Episodic Future Thinking in 4-Year-Olds, Poster Symposium: The who, what, where and when of episodic foresight development

Tsvyata Donova, Teresa McCormack, Aidan Feeney

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The ability to project oneself into the future to pre-experience an event is referred to as episodic future thinking (Atance & O’Neill, 2001). Only a relatively small number of studies have attempted to measure this ability in pre-school aged children (Atance & Meltzoff, 2005; Busby & Suddendorf, 2005ab, 2010; Russell, Alexis, & Clayton, 2010).Perhaps the most successful method is that used by Russell et al (2010). In this task, 3- to 5-year-olds played a game of blow football on one end of a table. After this children were asked to select tools that would enable them to play the same game tomorrow from the opposite, unreachable, side of the table. Results indicated that only 5-year-olds were capable of selecting the right objects for future use more often than would be expected by chance. Above-chance performance was observed in this older group even though most children failed the task because there was a low probability of selecting the correct 2 objects from a choice of 6 by chance.This study aimed to identify the age at which children begin to consistently pass this type of task. Three different tasks were designed in which children played a game on one side of a table, and then were asked to choose a tool to play a similar game on the other side of the table the next day. For example, children used a toy fishing rod to catch magnetic fish on one side of the table; playing the same game from the other side of the table required a different type of fishing rod. At test, children chose between just 2 objects: the tool they had already used, which would not work on the other side, and a different tool that they had not used before but which was suitable for the other side of the table. Experiment 1: Forty-eight 4-year-olds (M = 53.6 months, SD = 2.9) took part. These children were assigned to one of two conditions: a control condition (present-self) where the key test questions were asked in the present tense and an experimental condition (future-self) where the questions were in the future tense. Surprisingly, the results showed that both groups of 4-year-olds selected the correct tool at above chance levels (Table 1 shows the mean number of correct answers out of three). However, the children could see the apparatus when they answered the test questions and so perhaps answered them correctly without imagining the future. Experiment 2: Twenty-four 4-year-olds (M = 53.7, SD = 3.1) participated. Pre-schoolers in this study experienced one condition: future-self looking-away. In this condition children were asked to turn their backs to the games when answering the test questions, which were in the future tense. Children again performed above chance levels on all three games.Contrary to the findings of Russell et al. (2010), our results suggest that episodic future thinking skills could be present in 4-year-olds, assuming that this is what is measured by the tasks. Table 1. Mean number of correct answers across the three games in Experiments 1 and 2Experimental Conditions (N=24 in each condition)Mean CorrectStandardDeviationStatistical SignificanceExp. 1 (present-self, look) – 2 items2.750.68p < 0.001Exp. 1 (future-self, look) – 2 items 2.790.42p < 0.001Exp. 2 (future-self, away) – 2 items 2.330.64p < 0.001Exp. 3 (future-self away) – 3 items1.210.98p = 0.157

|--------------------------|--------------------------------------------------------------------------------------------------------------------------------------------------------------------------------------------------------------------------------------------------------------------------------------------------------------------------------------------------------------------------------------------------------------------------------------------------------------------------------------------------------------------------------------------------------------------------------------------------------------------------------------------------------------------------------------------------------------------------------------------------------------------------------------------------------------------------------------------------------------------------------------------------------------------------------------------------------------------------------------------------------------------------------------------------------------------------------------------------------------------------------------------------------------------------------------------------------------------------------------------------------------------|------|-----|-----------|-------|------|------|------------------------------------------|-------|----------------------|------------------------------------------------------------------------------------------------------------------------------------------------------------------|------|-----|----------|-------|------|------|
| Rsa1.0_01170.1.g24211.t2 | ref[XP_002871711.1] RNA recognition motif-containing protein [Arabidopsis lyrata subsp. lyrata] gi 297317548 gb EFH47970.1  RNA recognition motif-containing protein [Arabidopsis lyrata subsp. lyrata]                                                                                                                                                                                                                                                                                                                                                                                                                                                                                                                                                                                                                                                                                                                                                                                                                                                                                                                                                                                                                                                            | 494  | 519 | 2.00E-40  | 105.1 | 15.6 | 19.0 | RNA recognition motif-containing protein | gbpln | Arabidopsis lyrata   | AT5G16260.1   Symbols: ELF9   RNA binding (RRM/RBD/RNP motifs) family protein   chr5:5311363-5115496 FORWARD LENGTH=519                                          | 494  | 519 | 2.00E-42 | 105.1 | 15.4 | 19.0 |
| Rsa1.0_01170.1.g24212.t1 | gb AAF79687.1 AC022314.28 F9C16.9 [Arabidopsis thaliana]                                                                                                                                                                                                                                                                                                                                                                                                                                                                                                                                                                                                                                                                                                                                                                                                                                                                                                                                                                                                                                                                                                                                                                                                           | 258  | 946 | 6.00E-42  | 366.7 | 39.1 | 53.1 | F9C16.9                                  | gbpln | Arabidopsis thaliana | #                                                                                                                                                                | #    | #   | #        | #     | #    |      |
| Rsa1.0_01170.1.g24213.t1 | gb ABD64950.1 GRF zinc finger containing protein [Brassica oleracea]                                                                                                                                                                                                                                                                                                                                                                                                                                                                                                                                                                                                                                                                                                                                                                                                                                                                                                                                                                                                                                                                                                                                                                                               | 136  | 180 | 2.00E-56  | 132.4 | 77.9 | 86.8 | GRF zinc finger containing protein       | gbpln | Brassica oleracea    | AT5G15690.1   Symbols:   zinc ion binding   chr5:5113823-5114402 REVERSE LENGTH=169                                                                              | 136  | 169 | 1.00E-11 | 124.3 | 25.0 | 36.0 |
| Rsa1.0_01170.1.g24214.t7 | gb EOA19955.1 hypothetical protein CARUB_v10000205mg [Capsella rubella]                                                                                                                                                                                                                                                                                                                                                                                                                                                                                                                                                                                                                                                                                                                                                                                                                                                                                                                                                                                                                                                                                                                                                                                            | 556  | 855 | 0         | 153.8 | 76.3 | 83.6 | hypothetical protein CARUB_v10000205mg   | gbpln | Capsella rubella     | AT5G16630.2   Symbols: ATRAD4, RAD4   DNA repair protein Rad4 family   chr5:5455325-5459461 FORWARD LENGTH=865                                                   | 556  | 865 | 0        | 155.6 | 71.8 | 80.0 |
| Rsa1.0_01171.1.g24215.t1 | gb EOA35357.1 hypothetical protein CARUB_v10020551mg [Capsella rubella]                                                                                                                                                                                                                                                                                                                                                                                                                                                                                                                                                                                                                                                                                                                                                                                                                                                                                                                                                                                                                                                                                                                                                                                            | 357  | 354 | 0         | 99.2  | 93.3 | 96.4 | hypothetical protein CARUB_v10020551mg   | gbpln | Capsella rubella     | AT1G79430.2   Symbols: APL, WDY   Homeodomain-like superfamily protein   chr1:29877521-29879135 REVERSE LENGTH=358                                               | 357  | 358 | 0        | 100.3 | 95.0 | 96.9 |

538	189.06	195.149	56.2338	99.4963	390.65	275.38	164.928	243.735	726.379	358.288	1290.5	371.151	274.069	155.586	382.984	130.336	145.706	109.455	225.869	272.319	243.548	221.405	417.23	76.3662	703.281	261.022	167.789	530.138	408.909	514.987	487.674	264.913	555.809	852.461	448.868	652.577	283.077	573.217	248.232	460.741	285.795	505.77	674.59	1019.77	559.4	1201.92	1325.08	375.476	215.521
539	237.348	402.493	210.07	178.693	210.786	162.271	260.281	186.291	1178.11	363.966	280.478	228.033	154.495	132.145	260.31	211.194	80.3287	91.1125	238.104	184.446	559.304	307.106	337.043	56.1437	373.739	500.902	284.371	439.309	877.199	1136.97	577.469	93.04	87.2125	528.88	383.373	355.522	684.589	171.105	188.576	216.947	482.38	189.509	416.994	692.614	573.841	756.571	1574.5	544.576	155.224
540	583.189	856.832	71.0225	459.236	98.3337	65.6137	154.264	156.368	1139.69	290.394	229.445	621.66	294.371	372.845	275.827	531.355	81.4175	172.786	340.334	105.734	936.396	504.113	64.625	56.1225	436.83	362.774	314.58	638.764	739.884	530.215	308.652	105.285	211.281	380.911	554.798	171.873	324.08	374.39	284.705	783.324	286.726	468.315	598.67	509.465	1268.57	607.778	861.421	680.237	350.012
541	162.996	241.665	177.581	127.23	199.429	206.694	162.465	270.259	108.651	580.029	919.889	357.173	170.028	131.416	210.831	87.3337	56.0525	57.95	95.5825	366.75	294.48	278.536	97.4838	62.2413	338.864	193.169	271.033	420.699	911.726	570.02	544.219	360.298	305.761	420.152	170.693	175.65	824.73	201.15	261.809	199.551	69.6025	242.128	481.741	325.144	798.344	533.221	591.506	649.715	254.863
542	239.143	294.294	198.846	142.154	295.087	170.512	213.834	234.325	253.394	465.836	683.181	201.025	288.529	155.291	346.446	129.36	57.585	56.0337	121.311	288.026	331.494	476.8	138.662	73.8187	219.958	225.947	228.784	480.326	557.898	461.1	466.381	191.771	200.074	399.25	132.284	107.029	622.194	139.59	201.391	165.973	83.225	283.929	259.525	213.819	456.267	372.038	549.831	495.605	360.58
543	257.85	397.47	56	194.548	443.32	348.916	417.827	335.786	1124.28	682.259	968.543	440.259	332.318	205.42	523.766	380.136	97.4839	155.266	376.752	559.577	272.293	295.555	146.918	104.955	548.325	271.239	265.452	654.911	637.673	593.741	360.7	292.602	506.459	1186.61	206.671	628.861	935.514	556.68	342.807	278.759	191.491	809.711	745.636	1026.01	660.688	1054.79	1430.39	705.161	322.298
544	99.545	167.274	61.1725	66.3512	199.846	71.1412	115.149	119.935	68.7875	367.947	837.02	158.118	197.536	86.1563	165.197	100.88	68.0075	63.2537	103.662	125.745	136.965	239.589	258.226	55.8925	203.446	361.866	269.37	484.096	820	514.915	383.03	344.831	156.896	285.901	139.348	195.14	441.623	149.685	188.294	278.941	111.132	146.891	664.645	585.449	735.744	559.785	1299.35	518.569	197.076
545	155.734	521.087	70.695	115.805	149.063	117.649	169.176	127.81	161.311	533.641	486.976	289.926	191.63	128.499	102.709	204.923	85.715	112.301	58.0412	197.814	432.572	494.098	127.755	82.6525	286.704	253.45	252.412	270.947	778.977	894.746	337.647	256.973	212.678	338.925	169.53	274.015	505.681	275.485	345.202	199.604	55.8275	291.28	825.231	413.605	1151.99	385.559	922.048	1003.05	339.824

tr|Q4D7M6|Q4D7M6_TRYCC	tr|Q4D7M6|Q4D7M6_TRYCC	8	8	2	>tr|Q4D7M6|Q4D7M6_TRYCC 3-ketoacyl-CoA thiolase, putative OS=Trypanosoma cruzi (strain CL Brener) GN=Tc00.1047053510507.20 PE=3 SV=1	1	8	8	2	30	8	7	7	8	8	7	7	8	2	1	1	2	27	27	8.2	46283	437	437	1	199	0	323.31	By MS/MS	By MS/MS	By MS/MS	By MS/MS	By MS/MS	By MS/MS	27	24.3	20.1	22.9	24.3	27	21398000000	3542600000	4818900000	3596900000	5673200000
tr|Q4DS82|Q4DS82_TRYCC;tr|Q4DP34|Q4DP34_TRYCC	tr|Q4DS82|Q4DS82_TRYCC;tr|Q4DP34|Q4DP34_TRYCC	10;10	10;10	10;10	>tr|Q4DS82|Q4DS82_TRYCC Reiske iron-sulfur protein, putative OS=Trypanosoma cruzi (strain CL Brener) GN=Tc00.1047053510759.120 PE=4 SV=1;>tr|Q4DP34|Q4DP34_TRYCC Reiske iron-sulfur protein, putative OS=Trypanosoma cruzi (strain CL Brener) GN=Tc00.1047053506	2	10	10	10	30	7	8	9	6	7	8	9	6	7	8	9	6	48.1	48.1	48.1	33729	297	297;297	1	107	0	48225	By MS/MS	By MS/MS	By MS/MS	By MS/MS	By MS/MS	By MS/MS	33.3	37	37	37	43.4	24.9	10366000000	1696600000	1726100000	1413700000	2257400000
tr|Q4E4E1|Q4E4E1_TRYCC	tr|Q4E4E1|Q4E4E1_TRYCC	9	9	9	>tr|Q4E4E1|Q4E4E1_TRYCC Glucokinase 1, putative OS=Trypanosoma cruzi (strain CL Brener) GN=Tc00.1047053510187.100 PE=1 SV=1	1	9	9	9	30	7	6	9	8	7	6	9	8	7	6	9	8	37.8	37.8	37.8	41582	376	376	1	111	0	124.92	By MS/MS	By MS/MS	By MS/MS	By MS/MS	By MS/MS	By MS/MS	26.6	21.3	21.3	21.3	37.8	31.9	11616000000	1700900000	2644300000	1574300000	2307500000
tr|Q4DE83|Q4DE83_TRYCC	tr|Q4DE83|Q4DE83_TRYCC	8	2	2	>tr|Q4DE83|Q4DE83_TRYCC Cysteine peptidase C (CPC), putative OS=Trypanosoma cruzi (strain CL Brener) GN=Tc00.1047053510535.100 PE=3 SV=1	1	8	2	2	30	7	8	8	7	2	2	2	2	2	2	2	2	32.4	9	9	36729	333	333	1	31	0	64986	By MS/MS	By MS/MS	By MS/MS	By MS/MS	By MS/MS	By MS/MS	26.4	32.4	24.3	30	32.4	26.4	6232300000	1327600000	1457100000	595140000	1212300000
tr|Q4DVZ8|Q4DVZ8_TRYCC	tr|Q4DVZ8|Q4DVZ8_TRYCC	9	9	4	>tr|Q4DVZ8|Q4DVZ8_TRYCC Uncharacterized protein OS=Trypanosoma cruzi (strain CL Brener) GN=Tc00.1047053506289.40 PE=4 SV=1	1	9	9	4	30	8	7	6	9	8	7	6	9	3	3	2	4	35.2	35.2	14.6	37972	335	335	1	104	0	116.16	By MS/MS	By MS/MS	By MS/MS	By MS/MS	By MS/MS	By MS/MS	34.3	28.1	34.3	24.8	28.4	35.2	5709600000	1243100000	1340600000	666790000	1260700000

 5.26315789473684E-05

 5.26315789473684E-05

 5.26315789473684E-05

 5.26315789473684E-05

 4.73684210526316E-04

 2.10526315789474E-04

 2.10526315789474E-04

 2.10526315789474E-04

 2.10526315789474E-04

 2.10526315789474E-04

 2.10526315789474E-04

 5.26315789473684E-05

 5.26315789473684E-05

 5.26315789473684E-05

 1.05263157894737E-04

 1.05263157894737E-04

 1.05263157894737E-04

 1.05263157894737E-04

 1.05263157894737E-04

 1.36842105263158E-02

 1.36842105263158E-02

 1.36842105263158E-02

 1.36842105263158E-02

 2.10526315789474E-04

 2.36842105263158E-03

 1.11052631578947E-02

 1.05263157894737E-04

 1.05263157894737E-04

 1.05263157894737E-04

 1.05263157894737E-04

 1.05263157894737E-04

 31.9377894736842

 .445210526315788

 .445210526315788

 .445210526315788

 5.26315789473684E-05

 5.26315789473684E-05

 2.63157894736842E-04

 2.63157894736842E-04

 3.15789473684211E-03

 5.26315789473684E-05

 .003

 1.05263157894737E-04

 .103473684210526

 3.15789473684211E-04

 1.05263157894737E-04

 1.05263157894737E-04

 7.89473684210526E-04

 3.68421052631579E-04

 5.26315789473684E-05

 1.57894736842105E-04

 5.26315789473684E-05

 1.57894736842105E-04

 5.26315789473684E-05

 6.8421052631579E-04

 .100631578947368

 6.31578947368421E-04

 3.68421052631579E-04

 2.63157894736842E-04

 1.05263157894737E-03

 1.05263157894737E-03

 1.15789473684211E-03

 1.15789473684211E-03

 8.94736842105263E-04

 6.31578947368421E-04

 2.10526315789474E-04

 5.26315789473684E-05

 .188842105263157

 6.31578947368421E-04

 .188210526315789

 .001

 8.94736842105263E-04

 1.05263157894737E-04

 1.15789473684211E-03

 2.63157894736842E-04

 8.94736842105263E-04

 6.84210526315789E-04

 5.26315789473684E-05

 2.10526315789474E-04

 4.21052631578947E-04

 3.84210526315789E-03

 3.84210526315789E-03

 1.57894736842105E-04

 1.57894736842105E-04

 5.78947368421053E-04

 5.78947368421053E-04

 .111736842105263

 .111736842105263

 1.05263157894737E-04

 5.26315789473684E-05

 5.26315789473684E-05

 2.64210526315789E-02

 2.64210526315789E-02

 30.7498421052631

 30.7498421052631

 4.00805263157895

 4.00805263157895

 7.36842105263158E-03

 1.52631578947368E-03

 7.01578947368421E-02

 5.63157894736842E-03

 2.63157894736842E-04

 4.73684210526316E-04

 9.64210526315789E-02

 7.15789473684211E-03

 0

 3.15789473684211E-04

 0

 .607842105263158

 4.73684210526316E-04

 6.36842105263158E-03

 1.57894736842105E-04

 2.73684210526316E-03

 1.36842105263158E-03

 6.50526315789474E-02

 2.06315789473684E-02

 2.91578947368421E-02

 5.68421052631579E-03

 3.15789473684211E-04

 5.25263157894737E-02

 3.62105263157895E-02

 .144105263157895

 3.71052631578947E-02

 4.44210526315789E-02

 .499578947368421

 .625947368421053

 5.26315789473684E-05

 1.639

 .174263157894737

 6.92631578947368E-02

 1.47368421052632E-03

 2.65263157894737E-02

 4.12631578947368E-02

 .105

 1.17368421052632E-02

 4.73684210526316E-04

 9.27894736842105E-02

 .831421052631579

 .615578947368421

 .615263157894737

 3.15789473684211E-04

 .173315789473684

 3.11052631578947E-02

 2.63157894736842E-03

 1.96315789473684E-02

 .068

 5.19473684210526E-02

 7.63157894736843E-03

Original languageEnglish
Publication statusPublished - 2013
Event2013 SRCD Biennial Meeting - Seattle, United States
Duration: 18 Apr 201320 Apr 2013


Conference2013 SRCD Biennial Meeting
CountryUnited States
Internet address

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